The Greek myths are some of the most fantastic of Western culture, and although their legends of battling monsters, toying gods, and the rigidity of the Fates have become a fairy tale rather than a religion, they endure. Here is the first of three authors that have shaped these ancient stories into something more relatable without losing the magic.
There are many, many stories from folklore on the Myths and Legends podcast and I recommend listening to any and all of them for a lively, silly, yet thoroughly researched retelling. Jason, the writer and storyteller, has a friendly voice that makes you sit back and wish there were a fire to gather ’round. He has the talent to take the old and dusty, and make it modern and funny. My son and I discovered this podcast while both lying around with mono a couple years ago and unable to read or handle anything on a screen. We were completely entertained and have been listeners ever since.
Jason has covered the ancient Greeks from time to time in the almost 200 episodes of his podcast from 46A “Argonauts: Some Assembly Required” to 65 “Oedipus: Motherboy” to the most recent 131B “Greek Mythology: All In The Family.” To get a feel for his style, here is the write up of the recent one:
Last week, Hera hid that she was pregnant. This week, we learn who the father isn’t, and see the births of two more important figures from Greek mythology. Also, if you’re going for the whole totalitarian dictator thing, make sure you don’t take your wine naps right next to all the people who hate you. Just saying.
Ancient tales were created for adults, though we like to tell them to our children, but if the sex and violence is more than PG in any particular episode of Myths and Legends, Jason always gives a disclaimer in the beginning verbally, and written in the show notes. I appreciate that he makes sure to mention if there will be rape (frequent in the Greek myths). On that topic, I also give kudos to Jason for not glossing over the amount of violence towards women and general misogyny in so much of folklore, sometimes coming out of the story for a moment to point out the ridiculous names given for rape, e.g., “silently took her in the night.” He often voices the imagined intelligent but thwarted thoughts of women, which is usually pretty amusing and sarcastic. Beyond humor, he points out when powerful women are portrayed as evil, even though they were showing the same traits of the lauded men of the time.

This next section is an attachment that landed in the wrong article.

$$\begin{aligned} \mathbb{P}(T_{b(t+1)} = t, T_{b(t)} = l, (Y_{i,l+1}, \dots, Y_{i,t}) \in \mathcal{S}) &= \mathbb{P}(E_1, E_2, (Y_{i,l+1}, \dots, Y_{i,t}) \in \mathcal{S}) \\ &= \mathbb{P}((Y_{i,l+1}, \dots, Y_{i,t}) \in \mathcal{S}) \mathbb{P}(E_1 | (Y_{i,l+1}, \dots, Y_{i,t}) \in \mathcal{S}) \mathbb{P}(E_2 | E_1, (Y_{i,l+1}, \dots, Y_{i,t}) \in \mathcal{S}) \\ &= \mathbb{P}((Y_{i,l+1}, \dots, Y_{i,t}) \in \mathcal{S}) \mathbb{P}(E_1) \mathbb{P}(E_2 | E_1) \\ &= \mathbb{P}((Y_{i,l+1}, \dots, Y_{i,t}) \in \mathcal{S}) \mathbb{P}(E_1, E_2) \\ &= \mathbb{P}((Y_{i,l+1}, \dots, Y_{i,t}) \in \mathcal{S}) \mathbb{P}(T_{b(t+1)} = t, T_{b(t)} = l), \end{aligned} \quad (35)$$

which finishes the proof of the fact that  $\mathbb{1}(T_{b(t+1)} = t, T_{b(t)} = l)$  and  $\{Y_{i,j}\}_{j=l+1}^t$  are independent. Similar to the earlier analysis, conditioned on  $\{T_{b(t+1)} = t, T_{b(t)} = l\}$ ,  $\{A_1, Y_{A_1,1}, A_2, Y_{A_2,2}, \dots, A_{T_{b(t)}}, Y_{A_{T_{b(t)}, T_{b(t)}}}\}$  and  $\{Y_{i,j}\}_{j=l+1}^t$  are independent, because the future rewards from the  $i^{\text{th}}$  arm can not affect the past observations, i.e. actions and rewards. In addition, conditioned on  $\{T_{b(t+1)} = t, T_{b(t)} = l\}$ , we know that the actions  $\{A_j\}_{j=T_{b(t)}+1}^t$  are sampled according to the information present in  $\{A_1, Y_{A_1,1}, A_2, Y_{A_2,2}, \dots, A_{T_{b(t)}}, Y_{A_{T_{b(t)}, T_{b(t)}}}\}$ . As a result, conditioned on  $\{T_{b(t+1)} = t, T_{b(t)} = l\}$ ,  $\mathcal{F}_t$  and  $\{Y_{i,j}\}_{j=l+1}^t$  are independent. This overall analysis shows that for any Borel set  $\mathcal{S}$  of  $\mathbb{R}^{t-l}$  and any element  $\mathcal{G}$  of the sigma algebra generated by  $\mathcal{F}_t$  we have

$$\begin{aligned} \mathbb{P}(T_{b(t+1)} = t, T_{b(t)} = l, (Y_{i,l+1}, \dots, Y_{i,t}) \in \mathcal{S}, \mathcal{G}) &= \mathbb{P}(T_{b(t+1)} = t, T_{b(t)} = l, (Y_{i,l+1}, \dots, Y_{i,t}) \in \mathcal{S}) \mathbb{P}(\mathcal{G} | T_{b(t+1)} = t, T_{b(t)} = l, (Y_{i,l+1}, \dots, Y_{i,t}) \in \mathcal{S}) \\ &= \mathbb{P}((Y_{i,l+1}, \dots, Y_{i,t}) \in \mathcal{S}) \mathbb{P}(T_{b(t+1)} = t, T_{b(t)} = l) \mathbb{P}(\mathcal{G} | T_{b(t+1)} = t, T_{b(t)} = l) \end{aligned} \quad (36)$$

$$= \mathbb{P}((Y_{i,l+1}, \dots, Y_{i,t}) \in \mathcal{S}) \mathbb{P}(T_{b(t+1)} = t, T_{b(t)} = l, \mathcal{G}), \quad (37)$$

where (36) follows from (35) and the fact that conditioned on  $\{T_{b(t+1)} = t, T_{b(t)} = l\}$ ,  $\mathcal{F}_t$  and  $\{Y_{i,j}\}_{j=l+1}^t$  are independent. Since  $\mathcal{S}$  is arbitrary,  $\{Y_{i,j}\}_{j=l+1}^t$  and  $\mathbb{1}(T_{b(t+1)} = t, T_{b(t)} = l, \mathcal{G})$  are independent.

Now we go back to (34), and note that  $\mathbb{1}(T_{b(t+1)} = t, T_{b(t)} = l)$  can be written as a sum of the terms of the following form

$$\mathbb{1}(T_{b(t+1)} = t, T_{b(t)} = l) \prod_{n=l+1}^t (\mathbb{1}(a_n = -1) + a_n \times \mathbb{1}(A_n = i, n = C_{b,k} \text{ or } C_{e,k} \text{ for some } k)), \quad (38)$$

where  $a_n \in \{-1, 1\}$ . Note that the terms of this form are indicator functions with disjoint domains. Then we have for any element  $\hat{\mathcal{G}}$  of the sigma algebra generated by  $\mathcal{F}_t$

Although it’s mainly Jason’s voice, there is subtle sound and music editing that enhances rather than distracts from the story, provided by Carissa the sound engineer. The mood is always colorful and somewhat light, even when the stories get dark. Even the most ghastly of Greek myths are described in a palatable and surprisingly amusing way. Jason is talented at what he does. If you want to check out his resources or other versions of the story, he has links on his website.
By listening to the episodes that contain Greek myths, you will get a firm grasp of what they are all about from the Titans to the Olympians, demi-gods, and famous mortals (like Odysseus) along the way. Much of what we still call “heroic” comes from the characters in these tales, some that predate what we call Ancient Greece. I find it fascinating how human culture changes yet stays the same in so many ways. Myths and Legends podcast shows you both in an engaging way.
One of my favorite feature of each Myths and Legends podcast is the Creature of the Week. Not related to the story of the day, he picks creatures, both ridiculous and scary from all over the world, in a brief two minute tale right at the end of each podcast. So even while listening to the Greeks, you get to hear a snippet about about a fox from Japan, Yule Lads from Iceland, or the Impadulu from South Africa.
Myths and Legends is free to listen on many apps or right on the website. I highly recommend for junior high and up (or high school for disclaimer episodes).
Next for revisited Greek myths are my reviews of Circe by Madeline Miller and then The Cold is In Her Bones by Peternelle van Arsdale.